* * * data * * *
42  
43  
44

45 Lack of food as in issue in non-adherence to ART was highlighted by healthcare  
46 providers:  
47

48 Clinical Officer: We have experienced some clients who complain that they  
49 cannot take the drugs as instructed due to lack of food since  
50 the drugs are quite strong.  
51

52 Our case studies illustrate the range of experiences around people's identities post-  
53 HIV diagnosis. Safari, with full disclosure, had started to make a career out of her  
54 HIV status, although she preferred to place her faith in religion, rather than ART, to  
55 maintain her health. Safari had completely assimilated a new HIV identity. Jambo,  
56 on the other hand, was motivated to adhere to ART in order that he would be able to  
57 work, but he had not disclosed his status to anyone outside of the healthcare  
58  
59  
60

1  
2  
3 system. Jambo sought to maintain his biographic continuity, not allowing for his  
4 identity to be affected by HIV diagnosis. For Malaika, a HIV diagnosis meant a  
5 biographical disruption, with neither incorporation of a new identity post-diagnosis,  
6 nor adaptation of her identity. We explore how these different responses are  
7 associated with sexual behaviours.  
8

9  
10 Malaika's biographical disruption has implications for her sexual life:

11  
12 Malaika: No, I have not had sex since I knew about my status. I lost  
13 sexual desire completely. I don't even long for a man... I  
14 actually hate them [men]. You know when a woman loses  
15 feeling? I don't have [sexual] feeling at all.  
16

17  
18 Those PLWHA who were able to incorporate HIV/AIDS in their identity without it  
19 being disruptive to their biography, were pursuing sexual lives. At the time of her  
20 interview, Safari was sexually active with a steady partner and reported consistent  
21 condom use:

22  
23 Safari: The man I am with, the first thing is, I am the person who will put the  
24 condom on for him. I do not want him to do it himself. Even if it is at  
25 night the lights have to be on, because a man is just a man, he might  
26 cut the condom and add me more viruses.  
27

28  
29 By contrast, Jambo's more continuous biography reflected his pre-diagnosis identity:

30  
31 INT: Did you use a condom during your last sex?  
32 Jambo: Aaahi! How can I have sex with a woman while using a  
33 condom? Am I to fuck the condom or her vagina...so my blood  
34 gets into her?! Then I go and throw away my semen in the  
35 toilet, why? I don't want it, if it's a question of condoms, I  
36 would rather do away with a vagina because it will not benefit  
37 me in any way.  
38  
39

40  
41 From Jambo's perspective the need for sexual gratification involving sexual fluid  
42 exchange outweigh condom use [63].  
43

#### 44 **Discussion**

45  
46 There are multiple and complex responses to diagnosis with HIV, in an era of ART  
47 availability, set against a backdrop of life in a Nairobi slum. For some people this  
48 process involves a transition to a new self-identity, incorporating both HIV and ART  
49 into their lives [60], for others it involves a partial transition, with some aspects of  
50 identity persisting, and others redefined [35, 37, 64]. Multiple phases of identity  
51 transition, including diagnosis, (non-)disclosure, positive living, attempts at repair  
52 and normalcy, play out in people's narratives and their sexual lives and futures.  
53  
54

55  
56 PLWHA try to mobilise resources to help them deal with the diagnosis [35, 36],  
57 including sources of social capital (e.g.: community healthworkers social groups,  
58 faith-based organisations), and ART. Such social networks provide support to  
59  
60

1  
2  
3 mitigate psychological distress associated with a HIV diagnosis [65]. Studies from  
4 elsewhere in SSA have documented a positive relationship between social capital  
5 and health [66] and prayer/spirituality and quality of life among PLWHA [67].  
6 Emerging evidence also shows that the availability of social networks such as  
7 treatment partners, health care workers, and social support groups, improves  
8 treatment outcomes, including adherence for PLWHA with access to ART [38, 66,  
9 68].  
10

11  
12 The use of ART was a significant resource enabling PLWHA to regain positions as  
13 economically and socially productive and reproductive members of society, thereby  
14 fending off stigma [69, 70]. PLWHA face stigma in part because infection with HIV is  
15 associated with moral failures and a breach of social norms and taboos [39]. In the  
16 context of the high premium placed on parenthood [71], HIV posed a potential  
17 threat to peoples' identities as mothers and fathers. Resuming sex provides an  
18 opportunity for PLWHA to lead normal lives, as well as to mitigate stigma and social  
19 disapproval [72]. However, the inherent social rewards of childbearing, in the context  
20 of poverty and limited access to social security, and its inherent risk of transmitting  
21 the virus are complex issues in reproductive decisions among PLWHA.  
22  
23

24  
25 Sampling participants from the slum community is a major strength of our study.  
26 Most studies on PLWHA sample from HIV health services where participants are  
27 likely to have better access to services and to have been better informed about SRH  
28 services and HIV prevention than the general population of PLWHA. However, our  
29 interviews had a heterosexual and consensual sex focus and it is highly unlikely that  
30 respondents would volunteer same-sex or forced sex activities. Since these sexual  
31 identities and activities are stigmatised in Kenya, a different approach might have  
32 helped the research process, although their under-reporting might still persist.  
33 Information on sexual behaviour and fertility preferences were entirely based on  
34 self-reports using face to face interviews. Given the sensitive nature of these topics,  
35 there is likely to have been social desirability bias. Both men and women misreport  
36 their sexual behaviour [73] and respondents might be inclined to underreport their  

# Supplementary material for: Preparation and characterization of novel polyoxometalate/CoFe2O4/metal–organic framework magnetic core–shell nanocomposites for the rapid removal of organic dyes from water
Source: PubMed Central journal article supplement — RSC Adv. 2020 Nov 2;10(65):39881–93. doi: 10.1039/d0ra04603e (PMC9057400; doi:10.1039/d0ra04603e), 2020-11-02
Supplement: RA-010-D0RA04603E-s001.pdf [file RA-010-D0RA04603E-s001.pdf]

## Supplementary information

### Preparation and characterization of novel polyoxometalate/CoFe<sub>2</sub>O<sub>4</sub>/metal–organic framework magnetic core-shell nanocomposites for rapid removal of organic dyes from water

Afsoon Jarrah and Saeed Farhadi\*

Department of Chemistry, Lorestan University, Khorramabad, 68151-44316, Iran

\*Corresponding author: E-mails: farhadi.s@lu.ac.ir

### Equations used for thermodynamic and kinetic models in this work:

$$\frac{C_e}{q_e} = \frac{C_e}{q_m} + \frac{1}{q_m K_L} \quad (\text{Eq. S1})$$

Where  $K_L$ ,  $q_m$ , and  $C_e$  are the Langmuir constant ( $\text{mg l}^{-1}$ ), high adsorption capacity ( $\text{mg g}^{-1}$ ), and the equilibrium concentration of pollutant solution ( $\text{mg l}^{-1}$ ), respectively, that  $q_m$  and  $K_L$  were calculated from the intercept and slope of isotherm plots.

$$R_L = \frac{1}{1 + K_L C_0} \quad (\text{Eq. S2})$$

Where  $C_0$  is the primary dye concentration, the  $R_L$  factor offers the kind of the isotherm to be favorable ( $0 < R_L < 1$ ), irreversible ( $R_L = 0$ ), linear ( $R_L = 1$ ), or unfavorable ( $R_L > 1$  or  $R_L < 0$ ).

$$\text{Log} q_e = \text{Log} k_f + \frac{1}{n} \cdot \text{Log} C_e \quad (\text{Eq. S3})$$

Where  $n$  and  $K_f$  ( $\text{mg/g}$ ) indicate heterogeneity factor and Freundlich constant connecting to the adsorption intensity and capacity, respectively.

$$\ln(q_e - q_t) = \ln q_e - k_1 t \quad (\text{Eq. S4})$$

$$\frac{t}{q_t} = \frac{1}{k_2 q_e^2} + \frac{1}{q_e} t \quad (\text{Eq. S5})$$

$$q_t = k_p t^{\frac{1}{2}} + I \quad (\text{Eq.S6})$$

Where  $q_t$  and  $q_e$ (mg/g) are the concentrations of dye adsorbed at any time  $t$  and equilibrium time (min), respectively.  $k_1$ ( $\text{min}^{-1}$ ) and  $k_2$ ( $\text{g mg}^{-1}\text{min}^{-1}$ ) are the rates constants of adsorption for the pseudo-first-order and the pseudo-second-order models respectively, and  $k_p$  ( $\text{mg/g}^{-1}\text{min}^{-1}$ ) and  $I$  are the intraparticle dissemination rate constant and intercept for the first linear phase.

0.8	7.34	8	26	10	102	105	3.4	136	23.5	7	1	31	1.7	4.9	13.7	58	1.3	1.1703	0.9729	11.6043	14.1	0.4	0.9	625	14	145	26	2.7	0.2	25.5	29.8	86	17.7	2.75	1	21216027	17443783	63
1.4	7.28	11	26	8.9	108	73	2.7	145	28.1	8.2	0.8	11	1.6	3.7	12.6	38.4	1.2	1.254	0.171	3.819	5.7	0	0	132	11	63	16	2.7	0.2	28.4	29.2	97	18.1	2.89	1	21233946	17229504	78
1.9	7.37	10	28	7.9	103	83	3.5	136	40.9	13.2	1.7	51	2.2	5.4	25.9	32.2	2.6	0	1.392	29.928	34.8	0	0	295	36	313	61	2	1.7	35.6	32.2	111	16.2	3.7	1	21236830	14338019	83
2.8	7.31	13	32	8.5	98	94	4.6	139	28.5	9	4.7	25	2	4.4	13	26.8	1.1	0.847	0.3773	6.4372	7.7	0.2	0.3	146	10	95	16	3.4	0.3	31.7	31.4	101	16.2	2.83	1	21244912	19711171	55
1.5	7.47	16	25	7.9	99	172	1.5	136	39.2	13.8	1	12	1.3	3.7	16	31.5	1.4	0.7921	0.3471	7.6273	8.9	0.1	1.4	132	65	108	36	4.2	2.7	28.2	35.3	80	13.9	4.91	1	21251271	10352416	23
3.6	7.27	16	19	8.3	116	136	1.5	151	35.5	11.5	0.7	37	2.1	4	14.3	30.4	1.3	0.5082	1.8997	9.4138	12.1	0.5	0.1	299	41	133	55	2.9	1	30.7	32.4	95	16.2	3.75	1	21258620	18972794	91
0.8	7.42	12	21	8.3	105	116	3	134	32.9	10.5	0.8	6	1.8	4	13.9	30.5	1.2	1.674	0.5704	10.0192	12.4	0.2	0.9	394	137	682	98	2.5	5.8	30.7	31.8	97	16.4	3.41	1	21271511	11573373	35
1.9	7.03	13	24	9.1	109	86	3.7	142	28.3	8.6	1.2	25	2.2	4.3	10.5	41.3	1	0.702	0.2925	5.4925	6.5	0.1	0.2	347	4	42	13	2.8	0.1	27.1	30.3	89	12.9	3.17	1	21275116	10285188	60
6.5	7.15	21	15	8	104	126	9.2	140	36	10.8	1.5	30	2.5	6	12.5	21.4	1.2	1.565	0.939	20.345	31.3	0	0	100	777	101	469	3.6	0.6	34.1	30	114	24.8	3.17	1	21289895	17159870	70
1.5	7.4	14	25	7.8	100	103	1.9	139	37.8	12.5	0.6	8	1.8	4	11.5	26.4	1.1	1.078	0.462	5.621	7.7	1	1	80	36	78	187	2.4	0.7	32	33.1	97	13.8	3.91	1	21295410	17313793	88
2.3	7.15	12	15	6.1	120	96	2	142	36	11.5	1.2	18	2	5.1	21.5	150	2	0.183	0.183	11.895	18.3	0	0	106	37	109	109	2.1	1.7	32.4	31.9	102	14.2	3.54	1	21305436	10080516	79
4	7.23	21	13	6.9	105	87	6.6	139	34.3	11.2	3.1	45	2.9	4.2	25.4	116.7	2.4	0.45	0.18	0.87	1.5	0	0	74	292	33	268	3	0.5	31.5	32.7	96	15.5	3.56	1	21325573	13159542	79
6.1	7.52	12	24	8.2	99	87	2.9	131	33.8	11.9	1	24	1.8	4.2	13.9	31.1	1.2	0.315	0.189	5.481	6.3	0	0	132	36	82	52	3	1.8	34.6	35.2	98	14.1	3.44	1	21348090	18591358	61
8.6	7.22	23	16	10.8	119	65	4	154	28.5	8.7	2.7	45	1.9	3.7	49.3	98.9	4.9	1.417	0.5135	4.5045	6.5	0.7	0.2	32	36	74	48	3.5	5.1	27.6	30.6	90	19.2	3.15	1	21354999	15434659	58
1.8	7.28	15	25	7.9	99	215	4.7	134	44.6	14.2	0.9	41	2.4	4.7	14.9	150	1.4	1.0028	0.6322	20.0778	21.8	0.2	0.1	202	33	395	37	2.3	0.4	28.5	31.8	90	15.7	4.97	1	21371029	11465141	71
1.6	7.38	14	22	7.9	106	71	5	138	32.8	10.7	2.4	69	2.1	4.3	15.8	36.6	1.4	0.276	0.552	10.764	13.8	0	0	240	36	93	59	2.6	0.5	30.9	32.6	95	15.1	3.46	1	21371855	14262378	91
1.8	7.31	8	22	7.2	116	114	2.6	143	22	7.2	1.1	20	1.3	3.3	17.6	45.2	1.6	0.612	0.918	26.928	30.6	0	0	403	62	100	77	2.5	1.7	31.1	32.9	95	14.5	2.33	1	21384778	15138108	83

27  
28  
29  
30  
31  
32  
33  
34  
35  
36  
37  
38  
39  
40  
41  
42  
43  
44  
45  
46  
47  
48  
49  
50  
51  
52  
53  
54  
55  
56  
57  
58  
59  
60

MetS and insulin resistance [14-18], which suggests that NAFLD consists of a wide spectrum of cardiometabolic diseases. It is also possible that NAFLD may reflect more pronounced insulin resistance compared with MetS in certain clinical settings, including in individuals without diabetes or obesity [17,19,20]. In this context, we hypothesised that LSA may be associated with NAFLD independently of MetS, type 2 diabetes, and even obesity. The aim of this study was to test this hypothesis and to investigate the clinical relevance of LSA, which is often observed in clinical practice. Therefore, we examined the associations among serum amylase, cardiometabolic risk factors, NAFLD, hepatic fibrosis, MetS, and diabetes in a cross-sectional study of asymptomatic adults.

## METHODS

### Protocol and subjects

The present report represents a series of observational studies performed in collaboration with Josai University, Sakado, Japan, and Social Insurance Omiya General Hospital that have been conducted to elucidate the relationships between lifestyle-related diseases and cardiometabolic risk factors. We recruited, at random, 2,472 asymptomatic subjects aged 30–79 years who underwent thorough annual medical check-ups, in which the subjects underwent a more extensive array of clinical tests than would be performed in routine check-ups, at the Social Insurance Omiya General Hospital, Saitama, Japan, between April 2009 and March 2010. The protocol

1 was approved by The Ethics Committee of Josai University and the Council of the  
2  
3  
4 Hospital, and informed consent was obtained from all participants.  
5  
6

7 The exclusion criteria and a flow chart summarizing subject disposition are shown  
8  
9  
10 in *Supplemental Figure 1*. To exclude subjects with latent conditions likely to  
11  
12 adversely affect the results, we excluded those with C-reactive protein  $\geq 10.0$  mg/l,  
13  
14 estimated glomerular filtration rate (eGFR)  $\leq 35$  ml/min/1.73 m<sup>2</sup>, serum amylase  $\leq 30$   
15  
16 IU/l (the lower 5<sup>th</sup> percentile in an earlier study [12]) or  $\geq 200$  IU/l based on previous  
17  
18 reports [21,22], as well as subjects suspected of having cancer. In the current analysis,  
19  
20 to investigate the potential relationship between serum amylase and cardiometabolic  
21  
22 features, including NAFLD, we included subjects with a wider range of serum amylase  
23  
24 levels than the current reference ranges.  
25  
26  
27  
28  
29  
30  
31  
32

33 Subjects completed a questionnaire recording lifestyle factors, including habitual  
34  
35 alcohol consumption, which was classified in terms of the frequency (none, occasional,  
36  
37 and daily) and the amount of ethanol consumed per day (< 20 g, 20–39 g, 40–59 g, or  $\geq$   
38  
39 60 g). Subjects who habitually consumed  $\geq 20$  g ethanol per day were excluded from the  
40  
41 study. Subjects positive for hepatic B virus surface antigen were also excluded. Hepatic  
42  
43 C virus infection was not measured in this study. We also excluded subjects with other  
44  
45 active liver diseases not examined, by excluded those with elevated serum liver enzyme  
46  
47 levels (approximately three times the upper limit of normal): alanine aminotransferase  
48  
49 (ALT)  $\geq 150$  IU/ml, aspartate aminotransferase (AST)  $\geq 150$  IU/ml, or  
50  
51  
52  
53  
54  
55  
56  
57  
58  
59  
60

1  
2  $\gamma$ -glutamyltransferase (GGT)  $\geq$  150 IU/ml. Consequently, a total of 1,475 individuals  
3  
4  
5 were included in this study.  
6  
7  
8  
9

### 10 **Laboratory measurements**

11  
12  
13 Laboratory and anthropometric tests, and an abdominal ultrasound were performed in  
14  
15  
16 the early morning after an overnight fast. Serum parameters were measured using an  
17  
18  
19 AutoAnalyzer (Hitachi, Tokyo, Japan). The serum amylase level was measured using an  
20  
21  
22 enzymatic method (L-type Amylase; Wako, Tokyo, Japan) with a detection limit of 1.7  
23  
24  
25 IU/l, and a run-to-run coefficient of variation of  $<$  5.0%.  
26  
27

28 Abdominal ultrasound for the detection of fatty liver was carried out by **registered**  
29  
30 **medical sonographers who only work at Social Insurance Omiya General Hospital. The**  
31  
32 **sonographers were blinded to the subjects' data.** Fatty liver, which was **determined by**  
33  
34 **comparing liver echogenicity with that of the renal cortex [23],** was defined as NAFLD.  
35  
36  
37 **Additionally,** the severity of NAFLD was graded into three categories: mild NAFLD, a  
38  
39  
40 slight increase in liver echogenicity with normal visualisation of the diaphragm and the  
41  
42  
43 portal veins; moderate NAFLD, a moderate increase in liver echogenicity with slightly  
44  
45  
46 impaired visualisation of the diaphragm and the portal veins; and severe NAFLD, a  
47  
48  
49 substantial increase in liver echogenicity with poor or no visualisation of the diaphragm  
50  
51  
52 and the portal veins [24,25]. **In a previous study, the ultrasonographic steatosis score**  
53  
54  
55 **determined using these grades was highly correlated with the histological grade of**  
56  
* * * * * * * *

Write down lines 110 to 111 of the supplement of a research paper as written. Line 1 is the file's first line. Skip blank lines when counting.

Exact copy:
31 identities and activities are stigmatised in Kenya, a different approach might have  
32 helped the research process, although their under-reporting might still persist.  